Waders & Apparel
Recent studies have shown women are the fastest growing demographic in outdoor sports, including fly fishing. That being the case, many manufacturers are rethinking their lineups and creating products specifically tailored for females.
Case in point is Redington’s updated Willow River wader ($160) and boot ($110). Made from a triple-layer breathable fabric, the waders are trimmed and sized differently than other waders to better fit the female figure, and the boots have a wide insole that is strong but lightweight, and a padded ankle collar for solid support in slippery environments.
Simms’s G3 Guide Stockingfoot WQW waders ($550) and Intruder boots ($180), were winners of IFTD best waders and boots, respectively. The new G3s have three layers of Gore-Tex Pro Shell in the uppers, and five layers in the legs, micro-fleece handwarmer pockets, zippered chest pocket, and a removable flip-out Tippet Tender pocket. What’s more, Simms is donating a portion of the wader sales to Warriors & Quiet Waters (see page 12). The Intruder, available with either felt or Vibram soles, was actually designed to stand on its own without waders – there’s a neoprene sock stitched inside and the boot is intended for wet wading.
To improve customer satisfaction, Patagonia brought together a collection of fabric developers and design experts, dubbed it the Wader Task Force, and asked it to eliminate variation in the production process. The result, Patagonia says, is a revamped collection of waders, like the Rio Gallegos ($500), with an emphasis on quality and functionality.
The BOA Pivot boot ($200) is the newest wading boot from Orvis. Though there are several manufacturers using the BOA system (which on this boot is guaranteed for the life of the boot), the Pivot feels exceptionally lightweight, likely because it’s made with the same microfiber material as the company’s Riverguard Ultralight boot. Orvis Marketing Manager Tom Rosenbauer also said a lot of thinking went behind the sole design to make it “grippy” without sacrificing comfort.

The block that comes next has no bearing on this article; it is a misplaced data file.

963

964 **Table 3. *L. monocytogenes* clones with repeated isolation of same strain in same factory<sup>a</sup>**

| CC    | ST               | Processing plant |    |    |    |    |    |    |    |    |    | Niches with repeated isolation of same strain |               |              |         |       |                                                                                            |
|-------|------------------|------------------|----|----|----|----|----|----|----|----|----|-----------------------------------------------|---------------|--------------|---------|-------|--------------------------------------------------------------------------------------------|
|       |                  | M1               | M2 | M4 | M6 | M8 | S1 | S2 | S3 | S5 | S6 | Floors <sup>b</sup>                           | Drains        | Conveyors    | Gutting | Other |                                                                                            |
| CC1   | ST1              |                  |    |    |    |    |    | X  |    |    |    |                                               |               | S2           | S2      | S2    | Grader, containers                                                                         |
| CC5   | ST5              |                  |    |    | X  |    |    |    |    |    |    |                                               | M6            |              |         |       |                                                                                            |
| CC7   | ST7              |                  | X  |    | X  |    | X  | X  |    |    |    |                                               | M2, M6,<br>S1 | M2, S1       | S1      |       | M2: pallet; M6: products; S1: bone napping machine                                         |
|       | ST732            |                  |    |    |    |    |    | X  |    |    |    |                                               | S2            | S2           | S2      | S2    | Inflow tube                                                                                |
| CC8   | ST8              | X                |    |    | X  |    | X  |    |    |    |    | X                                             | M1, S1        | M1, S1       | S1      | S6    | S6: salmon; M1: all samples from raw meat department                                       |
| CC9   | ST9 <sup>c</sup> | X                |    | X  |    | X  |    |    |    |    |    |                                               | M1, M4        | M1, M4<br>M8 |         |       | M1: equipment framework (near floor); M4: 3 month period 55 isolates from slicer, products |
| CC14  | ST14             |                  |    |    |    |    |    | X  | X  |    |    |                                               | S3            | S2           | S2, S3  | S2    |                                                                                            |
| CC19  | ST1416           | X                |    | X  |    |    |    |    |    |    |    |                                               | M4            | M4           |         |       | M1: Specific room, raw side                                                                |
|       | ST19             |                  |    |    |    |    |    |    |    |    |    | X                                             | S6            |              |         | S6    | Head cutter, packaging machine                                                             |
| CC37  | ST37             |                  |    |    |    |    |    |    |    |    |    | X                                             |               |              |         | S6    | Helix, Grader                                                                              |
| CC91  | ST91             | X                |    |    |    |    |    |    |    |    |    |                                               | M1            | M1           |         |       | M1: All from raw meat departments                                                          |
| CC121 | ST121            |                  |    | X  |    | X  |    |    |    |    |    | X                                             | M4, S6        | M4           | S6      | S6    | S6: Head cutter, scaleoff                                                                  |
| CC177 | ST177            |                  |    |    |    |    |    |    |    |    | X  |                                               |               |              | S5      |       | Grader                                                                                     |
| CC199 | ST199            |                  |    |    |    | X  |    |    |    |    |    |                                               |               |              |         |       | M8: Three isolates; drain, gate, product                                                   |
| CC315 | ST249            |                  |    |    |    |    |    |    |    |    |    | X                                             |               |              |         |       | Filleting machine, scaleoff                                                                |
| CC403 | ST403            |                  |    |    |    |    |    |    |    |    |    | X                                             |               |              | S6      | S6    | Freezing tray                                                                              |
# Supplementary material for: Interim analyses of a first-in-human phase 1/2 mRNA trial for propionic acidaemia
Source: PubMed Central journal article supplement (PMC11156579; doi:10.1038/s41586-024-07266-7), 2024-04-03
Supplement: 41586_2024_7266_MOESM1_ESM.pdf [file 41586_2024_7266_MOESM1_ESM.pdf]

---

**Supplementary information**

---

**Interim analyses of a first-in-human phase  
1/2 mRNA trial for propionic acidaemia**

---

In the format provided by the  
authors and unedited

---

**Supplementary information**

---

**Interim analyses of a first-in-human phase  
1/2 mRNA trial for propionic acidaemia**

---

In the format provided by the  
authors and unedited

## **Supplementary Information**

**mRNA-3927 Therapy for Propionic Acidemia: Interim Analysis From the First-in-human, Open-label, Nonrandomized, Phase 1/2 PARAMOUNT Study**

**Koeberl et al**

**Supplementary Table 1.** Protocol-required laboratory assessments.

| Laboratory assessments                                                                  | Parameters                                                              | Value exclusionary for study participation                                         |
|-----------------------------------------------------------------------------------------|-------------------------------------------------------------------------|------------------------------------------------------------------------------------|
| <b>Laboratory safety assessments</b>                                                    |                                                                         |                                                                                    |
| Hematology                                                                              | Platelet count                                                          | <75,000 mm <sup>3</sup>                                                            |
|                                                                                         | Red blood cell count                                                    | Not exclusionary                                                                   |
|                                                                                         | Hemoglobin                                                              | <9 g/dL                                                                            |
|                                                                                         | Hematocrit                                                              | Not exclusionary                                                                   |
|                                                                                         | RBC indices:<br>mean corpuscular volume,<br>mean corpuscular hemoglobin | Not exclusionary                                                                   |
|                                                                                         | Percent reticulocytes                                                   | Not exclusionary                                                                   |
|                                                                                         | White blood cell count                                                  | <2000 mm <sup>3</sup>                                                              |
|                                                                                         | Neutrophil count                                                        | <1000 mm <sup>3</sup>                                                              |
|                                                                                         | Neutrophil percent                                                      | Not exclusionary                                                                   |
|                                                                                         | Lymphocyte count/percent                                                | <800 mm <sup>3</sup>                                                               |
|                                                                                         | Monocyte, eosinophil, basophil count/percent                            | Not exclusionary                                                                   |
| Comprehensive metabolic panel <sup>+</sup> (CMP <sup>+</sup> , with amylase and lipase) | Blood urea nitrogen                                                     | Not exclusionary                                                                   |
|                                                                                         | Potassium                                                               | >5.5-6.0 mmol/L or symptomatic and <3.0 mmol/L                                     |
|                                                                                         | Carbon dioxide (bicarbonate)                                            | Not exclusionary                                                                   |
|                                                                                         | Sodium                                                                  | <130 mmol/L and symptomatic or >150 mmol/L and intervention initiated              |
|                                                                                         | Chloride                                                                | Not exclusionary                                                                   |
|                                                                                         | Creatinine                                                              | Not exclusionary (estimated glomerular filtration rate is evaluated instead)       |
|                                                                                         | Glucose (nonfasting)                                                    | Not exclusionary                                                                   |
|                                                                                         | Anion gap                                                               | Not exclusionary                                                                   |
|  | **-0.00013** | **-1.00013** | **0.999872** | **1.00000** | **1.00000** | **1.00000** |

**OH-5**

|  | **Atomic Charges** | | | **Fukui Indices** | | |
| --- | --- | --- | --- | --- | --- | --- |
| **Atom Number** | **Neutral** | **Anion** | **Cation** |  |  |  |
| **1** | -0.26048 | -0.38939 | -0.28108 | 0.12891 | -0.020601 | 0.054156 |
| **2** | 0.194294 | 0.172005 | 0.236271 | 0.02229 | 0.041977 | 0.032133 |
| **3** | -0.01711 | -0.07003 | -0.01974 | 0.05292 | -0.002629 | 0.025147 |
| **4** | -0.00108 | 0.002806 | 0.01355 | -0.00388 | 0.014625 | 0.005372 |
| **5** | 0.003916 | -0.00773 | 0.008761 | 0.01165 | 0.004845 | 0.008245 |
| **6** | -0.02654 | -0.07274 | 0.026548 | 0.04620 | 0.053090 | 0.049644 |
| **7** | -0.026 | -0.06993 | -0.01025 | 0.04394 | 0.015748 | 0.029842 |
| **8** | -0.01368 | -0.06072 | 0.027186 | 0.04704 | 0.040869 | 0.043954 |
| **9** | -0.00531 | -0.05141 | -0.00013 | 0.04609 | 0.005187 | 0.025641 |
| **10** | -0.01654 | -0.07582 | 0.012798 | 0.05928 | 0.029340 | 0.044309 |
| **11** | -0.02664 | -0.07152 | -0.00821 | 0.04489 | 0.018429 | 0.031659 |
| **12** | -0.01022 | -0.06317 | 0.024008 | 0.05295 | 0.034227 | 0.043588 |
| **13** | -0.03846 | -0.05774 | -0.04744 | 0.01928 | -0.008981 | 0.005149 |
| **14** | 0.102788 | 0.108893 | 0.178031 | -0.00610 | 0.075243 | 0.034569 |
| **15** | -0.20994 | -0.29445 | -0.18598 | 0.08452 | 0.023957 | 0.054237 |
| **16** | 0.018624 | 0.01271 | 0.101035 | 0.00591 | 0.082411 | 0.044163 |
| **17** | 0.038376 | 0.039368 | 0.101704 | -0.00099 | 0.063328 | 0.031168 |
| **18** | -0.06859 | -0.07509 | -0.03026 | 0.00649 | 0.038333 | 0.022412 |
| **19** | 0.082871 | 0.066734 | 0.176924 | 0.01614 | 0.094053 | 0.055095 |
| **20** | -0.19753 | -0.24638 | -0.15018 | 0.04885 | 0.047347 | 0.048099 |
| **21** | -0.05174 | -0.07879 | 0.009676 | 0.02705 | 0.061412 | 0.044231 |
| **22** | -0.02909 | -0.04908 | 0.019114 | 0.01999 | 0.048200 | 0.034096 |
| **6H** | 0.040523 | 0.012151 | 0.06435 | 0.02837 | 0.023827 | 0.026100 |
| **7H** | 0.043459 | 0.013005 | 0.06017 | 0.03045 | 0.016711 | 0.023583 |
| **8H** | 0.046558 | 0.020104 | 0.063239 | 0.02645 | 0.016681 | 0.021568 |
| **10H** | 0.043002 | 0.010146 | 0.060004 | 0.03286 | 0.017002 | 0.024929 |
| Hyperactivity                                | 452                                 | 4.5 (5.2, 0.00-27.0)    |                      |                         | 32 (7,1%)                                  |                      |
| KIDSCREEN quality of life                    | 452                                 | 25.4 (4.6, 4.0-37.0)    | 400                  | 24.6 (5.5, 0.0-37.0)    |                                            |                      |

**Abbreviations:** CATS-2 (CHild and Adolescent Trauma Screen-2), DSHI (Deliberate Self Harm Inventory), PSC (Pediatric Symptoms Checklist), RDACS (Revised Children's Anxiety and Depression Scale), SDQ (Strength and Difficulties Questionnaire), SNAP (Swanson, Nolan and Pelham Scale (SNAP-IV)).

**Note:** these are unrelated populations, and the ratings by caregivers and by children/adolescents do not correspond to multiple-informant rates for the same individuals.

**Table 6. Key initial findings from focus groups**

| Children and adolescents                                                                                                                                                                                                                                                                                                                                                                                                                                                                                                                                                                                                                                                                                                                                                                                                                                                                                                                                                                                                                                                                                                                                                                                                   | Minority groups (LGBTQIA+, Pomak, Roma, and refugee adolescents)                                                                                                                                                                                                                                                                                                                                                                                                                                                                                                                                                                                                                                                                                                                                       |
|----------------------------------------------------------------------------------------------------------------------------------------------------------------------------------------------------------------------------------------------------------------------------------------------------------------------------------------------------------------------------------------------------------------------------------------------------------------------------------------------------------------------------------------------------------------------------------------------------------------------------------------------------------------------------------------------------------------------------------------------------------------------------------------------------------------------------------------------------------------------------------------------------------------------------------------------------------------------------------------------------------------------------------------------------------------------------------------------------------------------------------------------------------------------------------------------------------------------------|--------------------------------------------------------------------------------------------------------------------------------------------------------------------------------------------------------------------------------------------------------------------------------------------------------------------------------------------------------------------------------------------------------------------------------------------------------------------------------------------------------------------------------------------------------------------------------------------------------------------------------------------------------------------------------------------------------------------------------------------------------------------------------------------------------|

Since Hodgman underwent a rebranding and returned to the fishing apparel industry last year, it’s been working hard to improve its wader and outerwear options. The Aesis ($350) wader is built with the company’s fabric-welding technology, which it claims is much stronger and leakproof than traditional wader seams, and includes other comforts like anatomically correct neoprene feet, a water-resistant chest pocket, and a D-ring on the back for a net. It is also compatible with other pieces in the company’s removable insulation system. One of the garments in that line is the Aesis HyperDRY Down Jacket ($200), which features a water-resistant goose down insulation and beltcatch loops that keep it in place while strapping on waders.
Simms created several noteworthy garments for 2016, but it was the Vapor Elite Jacket ($450) that won last year’s IFTD award for best men’s outerwear. While that may seem like a hefty price tag, the jacket is incredibly lightweight, and according to Simms, the fabric will actually wick moisture away from the body in warm climates, making it a good packable option in saltwater environments. The cuffs cinch to keep water out of sleeves, and the hood has the same 3-point cord-system as the Prodry Jacket so you can tighten it around your head and face without sacrifi cing vision (or your hat).
Finally, Western Rise, a relatively new company on the scene, is creating some interesting clothing options not just for angling, but for the general outdoors, that are both comfortable and functional. The Bodie Button Down ($80) has a classic-western look, but is made of modern water-wicking fabric. However, my personal favorite is the Granite Camp Pant ($100).